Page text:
infant formula
Health and Nutrition

The interest of growing-up formulas for young children

We know now that the environment including diet in the first thousand days from conception until 2 years of age affects long-term health. We are constantly improving the quality of growing-up formulas for all ages. The goal is to offer infant formulas for growing children, from 1 to 3 years old, always better adapted to their nutritional needs. Through different questions, this article takes stock of parent’s expectations in parallel with nutritional needs of the child in order to see how growing-up formulas fit into the diet.


How parents’ expectations drive the growing-up formulas market trends?


Parents want the best nutrition for their children. They have particular expectations including quality and convenience’s product. Thus, different labeling trends are emerging such as: “Organic”, “free-from”, “plant-based” or “Clean Label. The organic label is recognized by all and represents an additional reassurance for some parents. Of course, organoleptic criteria’s remain important purchasing factors for parents. Thus, there are still many possibilities of formulations for the companies. In addition to the main trends, parents’ expectations may differ from country to country, therefore communication and formulations strategies could be adapted. For example, Chinese parents seek a wide range of functional ingredients in growing-up formulas. Whereas elsewhere, parents are more focus on overnutrition and want to support healthy eating habits from a young age of their child.

Parents want the best nutrition for their children. They have particular expectations including quality and convenience’s product.

What are the latest nutritional recommendations for young children?


The growth of children is high during the first months of life and slows down throughout the second year as they acquire more motor and cognitive functions which may explain why their energy and nutrient needs are different from an infant. Nutritional guidelines for healthy children from 1 to 3 years are quite similar from the European Food Safety Authority or from the World Health Organization.

infant formulaFigure 1: Summary table of macronutrient requirements for adults and toddlers[2]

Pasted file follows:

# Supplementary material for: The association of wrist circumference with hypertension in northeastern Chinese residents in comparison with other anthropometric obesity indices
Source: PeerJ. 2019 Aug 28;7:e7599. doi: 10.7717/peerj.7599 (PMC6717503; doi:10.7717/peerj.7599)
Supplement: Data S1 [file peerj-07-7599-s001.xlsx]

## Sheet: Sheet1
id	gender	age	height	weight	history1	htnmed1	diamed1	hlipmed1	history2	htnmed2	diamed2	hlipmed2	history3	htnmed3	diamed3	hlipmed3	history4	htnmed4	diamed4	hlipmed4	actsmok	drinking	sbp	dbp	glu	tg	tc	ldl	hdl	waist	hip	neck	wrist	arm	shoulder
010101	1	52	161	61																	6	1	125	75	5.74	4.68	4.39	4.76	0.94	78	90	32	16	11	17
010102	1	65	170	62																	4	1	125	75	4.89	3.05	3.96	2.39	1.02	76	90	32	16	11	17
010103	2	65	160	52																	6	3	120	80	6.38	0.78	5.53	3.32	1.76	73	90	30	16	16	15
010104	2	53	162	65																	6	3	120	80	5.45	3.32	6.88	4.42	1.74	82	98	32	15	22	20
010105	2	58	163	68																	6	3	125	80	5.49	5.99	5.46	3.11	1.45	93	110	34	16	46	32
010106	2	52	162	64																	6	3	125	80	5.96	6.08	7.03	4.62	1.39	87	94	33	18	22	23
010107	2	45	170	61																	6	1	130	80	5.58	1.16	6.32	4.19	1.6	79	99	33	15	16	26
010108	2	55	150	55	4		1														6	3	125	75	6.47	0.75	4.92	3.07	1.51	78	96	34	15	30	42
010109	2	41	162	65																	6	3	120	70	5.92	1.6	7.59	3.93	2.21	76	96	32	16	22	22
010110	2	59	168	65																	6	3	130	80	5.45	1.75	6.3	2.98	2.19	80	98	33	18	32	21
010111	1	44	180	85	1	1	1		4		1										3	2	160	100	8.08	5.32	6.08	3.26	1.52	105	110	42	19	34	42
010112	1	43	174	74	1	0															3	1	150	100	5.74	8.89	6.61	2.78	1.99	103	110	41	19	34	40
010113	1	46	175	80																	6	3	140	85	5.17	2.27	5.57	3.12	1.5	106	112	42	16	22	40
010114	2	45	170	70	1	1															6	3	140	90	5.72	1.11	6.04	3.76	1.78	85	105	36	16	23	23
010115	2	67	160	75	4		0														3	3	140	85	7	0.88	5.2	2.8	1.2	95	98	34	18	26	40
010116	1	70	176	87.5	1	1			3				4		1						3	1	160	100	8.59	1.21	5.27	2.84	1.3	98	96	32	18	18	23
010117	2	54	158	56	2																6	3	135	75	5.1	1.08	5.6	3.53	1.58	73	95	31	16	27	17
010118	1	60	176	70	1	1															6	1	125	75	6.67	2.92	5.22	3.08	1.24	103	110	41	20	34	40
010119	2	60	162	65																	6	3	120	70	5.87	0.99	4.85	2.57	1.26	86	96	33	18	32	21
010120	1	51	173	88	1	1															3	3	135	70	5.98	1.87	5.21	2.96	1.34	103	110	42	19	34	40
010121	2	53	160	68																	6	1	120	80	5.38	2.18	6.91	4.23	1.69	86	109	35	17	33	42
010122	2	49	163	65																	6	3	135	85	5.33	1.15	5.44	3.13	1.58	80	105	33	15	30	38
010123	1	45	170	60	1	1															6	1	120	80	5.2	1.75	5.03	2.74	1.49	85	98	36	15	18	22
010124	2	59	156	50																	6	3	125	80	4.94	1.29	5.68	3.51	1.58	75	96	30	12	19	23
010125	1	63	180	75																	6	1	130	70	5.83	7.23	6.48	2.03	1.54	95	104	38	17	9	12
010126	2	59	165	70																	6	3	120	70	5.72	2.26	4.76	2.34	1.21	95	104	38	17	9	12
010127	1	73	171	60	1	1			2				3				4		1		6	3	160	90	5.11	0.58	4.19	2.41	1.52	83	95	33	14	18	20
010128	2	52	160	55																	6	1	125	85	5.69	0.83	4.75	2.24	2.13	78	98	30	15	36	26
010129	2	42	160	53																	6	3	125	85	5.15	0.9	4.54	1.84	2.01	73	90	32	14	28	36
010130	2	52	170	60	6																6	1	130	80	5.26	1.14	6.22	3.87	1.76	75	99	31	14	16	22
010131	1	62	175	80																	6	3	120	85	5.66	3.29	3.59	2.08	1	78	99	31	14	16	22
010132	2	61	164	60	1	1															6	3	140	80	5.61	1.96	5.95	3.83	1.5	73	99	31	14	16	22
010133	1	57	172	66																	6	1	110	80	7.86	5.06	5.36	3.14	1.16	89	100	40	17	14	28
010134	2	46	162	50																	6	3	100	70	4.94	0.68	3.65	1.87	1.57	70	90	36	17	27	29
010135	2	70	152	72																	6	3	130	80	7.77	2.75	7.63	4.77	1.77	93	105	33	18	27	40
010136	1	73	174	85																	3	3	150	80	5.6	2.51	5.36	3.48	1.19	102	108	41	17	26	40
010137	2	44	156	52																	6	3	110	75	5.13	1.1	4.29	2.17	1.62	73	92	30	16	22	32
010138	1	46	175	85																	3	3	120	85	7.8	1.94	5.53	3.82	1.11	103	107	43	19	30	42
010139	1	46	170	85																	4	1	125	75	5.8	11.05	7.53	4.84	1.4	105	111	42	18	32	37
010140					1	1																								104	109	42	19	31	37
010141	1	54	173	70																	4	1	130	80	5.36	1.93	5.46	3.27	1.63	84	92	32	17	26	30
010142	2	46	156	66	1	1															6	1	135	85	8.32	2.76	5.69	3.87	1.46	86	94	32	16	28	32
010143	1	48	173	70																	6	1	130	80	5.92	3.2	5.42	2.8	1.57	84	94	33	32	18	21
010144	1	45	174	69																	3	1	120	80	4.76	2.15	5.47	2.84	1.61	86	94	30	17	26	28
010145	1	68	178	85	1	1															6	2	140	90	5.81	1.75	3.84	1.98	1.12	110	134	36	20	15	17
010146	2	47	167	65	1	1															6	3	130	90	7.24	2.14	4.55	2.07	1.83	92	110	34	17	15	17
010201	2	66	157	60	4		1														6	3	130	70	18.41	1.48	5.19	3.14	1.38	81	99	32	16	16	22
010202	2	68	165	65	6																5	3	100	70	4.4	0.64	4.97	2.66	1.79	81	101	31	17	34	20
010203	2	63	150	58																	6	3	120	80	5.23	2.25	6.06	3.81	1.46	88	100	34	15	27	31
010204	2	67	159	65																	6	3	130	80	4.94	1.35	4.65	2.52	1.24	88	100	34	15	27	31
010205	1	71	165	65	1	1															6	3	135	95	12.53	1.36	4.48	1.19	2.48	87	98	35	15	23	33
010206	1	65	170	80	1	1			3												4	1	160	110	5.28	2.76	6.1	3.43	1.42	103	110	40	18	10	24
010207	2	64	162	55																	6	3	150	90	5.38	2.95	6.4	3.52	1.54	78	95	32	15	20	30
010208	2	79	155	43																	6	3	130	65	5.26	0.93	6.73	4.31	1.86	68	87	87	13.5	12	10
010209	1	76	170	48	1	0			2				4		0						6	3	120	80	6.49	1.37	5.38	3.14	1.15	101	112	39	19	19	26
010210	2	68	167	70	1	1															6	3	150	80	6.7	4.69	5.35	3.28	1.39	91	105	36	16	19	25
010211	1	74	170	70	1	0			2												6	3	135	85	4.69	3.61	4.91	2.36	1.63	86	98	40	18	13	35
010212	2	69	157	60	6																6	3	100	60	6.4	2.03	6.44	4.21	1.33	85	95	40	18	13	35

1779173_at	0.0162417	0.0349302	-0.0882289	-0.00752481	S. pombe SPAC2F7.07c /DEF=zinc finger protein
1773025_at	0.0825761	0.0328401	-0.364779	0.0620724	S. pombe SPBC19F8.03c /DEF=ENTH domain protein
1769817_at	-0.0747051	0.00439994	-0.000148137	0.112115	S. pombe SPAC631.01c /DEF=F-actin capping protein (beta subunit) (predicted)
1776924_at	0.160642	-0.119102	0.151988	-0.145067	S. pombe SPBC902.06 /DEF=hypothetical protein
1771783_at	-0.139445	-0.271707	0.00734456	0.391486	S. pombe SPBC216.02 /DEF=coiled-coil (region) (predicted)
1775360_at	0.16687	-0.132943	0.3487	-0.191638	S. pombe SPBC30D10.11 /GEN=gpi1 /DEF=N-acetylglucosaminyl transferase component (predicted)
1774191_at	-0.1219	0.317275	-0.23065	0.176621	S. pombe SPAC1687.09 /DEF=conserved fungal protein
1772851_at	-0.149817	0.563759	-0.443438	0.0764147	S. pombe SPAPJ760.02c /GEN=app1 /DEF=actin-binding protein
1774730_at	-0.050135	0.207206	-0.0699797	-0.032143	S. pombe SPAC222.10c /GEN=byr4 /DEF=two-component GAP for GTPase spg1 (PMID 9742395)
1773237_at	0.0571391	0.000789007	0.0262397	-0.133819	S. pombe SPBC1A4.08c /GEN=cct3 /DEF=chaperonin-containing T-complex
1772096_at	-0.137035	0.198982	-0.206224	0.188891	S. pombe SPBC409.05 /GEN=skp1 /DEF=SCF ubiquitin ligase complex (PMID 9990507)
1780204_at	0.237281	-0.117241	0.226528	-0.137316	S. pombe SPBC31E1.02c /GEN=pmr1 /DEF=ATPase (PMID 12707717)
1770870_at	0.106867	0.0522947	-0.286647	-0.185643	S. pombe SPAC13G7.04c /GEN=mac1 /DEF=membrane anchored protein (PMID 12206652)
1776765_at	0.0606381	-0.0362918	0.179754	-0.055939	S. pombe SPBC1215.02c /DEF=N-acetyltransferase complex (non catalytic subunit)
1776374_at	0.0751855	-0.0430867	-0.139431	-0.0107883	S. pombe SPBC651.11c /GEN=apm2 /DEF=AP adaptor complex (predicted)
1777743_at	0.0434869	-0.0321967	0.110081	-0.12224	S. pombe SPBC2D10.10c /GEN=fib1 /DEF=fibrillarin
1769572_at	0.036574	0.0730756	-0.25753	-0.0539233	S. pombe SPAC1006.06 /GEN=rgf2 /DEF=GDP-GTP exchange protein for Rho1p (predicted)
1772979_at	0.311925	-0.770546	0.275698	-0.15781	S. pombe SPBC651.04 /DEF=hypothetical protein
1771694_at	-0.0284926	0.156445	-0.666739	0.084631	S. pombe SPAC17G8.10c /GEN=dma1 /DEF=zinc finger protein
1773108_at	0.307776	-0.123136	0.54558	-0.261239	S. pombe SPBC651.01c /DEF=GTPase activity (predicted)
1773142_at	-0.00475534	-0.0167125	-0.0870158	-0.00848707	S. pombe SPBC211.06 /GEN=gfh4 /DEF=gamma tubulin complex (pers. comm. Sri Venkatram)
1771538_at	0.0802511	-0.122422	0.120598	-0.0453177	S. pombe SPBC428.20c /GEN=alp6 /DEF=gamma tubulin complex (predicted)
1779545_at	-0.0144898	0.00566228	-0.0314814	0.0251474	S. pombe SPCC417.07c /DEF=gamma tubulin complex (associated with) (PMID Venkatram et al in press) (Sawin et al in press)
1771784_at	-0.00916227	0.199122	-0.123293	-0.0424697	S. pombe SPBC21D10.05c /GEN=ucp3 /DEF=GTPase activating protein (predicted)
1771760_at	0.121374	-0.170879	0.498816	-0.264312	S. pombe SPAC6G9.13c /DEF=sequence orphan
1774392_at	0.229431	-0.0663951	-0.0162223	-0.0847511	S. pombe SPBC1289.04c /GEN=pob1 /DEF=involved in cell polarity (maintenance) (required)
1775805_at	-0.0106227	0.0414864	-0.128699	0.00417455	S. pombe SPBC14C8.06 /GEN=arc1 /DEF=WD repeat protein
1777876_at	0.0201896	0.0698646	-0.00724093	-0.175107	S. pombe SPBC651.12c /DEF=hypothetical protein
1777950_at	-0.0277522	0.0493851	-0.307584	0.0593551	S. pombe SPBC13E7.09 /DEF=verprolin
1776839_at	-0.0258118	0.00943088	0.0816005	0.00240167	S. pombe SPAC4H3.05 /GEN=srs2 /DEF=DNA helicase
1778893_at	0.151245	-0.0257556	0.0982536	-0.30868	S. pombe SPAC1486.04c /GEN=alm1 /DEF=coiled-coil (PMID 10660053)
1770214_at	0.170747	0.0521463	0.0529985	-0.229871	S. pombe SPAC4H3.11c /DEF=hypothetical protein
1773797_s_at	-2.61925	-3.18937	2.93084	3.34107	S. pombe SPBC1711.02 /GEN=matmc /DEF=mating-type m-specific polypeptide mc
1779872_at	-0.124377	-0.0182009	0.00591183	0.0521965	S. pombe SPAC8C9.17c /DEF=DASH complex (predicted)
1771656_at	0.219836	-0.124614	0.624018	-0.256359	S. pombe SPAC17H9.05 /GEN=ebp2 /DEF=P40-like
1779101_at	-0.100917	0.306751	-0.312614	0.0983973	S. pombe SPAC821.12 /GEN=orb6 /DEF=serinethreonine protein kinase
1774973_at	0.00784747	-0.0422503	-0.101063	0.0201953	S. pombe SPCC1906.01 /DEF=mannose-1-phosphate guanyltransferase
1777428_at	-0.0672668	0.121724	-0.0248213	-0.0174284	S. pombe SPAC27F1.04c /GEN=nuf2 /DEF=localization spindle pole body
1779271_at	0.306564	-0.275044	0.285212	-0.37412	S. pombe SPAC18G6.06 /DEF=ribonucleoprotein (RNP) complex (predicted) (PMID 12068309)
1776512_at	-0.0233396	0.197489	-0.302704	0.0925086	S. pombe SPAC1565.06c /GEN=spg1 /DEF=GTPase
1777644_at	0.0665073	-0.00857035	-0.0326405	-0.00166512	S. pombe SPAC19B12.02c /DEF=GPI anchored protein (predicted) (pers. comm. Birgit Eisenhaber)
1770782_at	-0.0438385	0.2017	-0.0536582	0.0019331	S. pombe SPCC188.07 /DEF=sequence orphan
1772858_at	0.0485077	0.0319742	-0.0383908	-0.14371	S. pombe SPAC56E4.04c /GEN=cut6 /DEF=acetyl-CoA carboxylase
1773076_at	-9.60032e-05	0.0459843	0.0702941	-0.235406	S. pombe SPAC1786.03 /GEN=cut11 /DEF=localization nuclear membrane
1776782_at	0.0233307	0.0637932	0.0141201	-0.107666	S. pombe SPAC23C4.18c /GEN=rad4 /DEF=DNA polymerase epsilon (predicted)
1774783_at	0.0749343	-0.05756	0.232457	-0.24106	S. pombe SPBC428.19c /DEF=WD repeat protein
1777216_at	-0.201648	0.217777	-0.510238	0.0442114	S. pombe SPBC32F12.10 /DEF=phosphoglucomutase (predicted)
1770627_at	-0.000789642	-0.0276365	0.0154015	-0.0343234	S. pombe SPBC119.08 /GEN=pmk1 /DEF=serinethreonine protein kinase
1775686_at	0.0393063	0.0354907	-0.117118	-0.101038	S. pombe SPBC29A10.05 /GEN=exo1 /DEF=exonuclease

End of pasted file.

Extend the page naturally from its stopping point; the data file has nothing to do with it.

In most developed countries, nutrition surveys showed that lipids intake is below the recommendations, that is to say 35 to 45% of the total energy intake of the day in children against only 20 to 30% of total energy intake for adults. Therefore, fat intake represents a larger proportion of total energy intake in children than in adults. Moreover, these lipids are among the most crucial molecules that determine brain’s integrity. More importantly, by reducing the total intake of lipids it leads automatically to a reduction of the essential fatty acids intake. As for total lipids, the intake of essential fatty acids is below the recommendation in many countries. This trend can partly be explained by the decrease in consumption of baby foods or infant formulas formulated with adequate fatty acid levels.

When looking at the protein intake, the need is quite similar for adults and toddlers (0.8 and 0.9 g/kg body weight/day, respectively). But the body weight is totally different from a 70 kg adult and 14 kg toddler thus the quantity of proteins will also be completely different from 13 g for a toddler to 70 g per day for an adult. In most developed country, intakes of protein is much higher than recommended (Sharma, 2013; Chouraqui, 2019b).  This excess could increase the potential risk for obesity later in life (Rolland-Cachera, 2016) even though, the causal relationship between excessive protein intake and a subsequent risk of excessive weight is far from being established.

Finally, the carbohydrates intake in proportion of total energy intake is similar between adults and toddlers with the same warning: limiting the proportion of free sugar in the diet (EFSA NDA, 2014).


Do growing-up formulas composition for young children provide a nutritional advantage?


On the infant food market, there are infant growing-up milk or Young Child Formula (YCF) aged 1 to 3 years in order to meet or supplement their nutritional needs. Currently, there is no regulation or official guidelines indicating the ideal composition of growing-up formula. There is limited research on the contribution of milk to the diets of children under three years old, specifically, whether YCF provide a nutritional advantage compared to standard cow’s milk. However, three clinical trials from 2010 to date have been investigated the nutrition benefits of YCF consumption in nutritional adequacy. The consumption of YCF leads to a reduced protein intake, more close to the amount recommended (Lovell, 2019; Chouraqui, 2019; Walton, 2013) but also increased essential fatty acids (Chouraqui, 2019). Thus, Young Children Formula (YCF) consumption might help to fill the most frequent nutritional inadequacies observed in several countries to be overcome, especially iron or essential fatty acids.